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Change the label text to “Please login to continue. You may use your screen name or email in the username field.” We are gonna use the font Avenir in size 15 for this text and we’ll set a dark grey color for the font color. We also leave the the lines option in the attributes inspector to 0 so our text can take up as many lines as it needs without truncating. Here’s what the attributes inspector for our body text label looks like:

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Build and run and you should have this:

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Adding Input fields

Customizing the look of input fields without coding is impossible. In fact, most developers use an image view as a background for their input field to give the effect of a custom padding or margin on the input field. For this tutorial, we won’t customize the input field. We are simply going to drag two text fields from our object library onto our modal with identical constraints, one with a placeholder text of “username”, and one with the placeholder text of “password”. The constraints for each text field is:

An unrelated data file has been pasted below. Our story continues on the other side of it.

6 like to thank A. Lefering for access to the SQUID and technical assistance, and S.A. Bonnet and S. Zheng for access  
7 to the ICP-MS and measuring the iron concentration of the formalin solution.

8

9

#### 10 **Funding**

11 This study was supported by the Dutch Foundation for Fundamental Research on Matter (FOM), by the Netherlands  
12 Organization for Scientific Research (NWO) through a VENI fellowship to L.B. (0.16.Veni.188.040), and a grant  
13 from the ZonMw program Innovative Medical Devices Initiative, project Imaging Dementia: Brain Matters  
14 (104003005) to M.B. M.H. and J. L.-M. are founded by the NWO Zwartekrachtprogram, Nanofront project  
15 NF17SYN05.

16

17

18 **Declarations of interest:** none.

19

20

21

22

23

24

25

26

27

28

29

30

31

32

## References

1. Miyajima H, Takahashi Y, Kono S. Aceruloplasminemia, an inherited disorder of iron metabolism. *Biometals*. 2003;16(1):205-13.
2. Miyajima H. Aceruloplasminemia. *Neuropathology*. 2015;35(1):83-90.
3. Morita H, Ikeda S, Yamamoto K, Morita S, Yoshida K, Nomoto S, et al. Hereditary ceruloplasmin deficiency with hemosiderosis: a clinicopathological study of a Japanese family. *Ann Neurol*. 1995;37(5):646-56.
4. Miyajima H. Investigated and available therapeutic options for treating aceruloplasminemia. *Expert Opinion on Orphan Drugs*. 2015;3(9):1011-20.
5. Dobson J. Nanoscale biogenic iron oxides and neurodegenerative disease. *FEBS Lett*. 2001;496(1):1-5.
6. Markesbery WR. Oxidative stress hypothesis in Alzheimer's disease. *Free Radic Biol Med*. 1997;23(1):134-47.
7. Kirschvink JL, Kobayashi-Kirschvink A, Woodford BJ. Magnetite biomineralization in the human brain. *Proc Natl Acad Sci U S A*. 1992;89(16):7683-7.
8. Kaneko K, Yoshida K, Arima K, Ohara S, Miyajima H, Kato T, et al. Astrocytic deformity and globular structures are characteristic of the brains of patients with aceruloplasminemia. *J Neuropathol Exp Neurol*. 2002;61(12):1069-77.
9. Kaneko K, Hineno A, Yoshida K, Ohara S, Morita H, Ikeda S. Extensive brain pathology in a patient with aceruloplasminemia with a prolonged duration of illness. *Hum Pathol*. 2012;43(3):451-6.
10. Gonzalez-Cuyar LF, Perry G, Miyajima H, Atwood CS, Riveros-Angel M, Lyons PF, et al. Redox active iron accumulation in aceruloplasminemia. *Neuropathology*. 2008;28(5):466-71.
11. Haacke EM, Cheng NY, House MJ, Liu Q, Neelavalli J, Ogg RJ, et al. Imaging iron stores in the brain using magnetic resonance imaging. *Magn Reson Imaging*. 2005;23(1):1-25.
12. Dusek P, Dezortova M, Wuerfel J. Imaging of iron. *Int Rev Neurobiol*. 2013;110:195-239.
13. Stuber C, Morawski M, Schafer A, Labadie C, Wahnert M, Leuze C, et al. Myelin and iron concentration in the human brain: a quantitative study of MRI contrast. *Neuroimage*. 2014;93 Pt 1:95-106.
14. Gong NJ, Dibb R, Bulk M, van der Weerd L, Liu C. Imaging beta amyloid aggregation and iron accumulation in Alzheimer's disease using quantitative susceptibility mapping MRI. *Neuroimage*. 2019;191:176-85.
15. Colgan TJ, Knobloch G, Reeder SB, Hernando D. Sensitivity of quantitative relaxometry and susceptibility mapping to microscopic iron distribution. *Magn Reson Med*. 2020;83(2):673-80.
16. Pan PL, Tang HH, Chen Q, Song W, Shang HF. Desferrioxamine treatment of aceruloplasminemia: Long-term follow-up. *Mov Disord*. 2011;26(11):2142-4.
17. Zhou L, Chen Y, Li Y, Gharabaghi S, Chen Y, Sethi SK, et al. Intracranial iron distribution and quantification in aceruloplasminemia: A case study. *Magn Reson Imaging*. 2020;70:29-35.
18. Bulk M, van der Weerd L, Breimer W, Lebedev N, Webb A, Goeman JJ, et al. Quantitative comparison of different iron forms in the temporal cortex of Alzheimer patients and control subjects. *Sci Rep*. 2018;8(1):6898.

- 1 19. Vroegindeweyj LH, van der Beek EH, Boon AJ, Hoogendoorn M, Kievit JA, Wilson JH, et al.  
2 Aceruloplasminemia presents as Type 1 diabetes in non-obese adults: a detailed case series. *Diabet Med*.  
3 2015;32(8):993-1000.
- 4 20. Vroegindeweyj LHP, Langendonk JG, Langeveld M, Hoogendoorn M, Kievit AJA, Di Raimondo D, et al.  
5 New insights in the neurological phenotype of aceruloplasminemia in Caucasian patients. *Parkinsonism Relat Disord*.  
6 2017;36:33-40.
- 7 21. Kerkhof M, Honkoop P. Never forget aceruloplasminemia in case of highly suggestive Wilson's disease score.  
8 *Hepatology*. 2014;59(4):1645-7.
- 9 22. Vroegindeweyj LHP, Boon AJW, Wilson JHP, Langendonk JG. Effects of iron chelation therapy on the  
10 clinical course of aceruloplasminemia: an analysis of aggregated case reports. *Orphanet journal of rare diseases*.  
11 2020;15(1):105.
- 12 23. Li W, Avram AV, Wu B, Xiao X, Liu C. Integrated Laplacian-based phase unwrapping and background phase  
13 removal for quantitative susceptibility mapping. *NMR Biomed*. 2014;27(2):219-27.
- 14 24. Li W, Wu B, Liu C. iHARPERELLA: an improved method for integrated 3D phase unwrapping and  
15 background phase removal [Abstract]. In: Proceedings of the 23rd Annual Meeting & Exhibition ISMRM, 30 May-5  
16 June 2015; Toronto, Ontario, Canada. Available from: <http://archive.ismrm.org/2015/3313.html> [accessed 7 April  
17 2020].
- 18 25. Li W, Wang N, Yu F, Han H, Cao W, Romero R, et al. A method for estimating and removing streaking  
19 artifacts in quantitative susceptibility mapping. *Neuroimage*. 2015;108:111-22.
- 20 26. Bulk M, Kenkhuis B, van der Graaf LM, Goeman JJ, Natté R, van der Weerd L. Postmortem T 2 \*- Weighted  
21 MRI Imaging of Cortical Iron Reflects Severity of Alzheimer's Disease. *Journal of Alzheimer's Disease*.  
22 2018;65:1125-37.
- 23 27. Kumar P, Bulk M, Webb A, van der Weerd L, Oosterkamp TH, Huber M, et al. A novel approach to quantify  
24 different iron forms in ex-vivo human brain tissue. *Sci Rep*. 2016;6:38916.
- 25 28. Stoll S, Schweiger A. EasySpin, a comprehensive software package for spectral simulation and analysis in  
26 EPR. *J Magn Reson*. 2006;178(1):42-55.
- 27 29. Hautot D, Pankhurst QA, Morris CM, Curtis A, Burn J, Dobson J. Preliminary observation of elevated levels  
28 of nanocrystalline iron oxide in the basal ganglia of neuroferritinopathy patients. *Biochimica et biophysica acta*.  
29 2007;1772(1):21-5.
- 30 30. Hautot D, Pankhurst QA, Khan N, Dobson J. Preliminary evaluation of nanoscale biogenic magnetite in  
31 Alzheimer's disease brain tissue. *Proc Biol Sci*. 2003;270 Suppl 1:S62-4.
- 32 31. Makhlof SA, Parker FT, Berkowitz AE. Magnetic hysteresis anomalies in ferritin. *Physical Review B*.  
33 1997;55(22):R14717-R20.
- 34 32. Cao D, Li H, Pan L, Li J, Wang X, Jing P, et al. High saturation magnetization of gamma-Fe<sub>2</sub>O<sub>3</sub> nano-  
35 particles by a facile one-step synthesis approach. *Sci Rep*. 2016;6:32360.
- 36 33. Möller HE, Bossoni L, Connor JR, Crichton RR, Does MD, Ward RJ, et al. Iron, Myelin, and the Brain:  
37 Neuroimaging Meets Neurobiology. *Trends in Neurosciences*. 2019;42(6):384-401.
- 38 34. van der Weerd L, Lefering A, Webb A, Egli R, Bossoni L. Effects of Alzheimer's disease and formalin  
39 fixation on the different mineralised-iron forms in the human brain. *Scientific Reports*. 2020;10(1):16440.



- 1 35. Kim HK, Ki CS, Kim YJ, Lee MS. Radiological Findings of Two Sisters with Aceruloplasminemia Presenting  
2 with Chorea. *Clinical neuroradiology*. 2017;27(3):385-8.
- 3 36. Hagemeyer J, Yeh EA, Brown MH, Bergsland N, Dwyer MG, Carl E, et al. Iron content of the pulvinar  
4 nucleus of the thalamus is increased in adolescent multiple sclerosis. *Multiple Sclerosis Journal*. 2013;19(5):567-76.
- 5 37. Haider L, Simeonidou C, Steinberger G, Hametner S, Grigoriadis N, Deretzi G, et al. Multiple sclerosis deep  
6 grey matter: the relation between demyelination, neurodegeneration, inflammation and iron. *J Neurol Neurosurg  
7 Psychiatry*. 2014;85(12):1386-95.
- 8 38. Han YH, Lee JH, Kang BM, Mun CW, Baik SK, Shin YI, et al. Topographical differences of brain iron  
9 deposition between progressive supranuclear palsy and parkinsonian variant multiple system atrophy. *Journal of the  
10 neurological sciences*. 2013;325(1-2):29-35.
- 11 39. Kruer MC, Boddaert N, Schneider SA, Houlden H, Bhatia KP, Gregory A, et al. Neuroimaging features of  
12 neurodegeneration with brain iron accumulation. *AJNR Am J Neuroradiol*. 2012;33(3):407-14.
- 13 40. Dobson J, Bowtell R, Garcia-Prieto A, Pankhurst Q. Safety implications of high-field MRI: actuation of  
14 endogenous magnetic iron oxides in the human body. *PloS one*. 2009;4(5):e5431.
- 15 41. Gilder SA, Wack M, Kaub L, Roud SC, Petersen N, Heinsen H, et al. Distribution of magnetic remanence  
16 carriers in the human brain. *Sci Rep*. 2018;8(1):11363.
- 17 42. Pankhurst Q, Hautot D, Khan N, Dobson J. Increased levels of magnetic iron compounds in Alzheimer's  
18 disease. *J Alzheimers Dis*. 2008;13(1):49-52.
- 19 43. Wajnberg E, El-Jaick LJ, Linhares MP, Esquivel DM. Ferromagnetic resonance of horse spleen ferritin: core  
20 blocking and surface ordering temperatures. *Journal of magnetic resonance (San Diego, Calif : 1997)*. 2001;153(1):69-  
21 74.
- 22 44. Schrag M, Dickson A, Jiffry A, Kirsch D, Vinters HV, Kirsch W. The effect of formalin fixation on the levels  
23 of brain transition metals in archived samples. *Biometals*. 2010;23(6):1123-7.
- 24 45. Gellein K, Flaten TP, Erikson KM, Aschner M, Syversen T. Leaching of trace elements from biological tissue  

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Adding our submit button

Now we just need to add a button from our objects library that will be our submit button. As always we add constraints.

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We want our button to stand out visually so let’s give it the same background color as our heading and let’s change the prompt on the button to “log me in!.” We will also use Futura again, this time in a medium weight. Finally change the text color to be white. Our result is now looks like: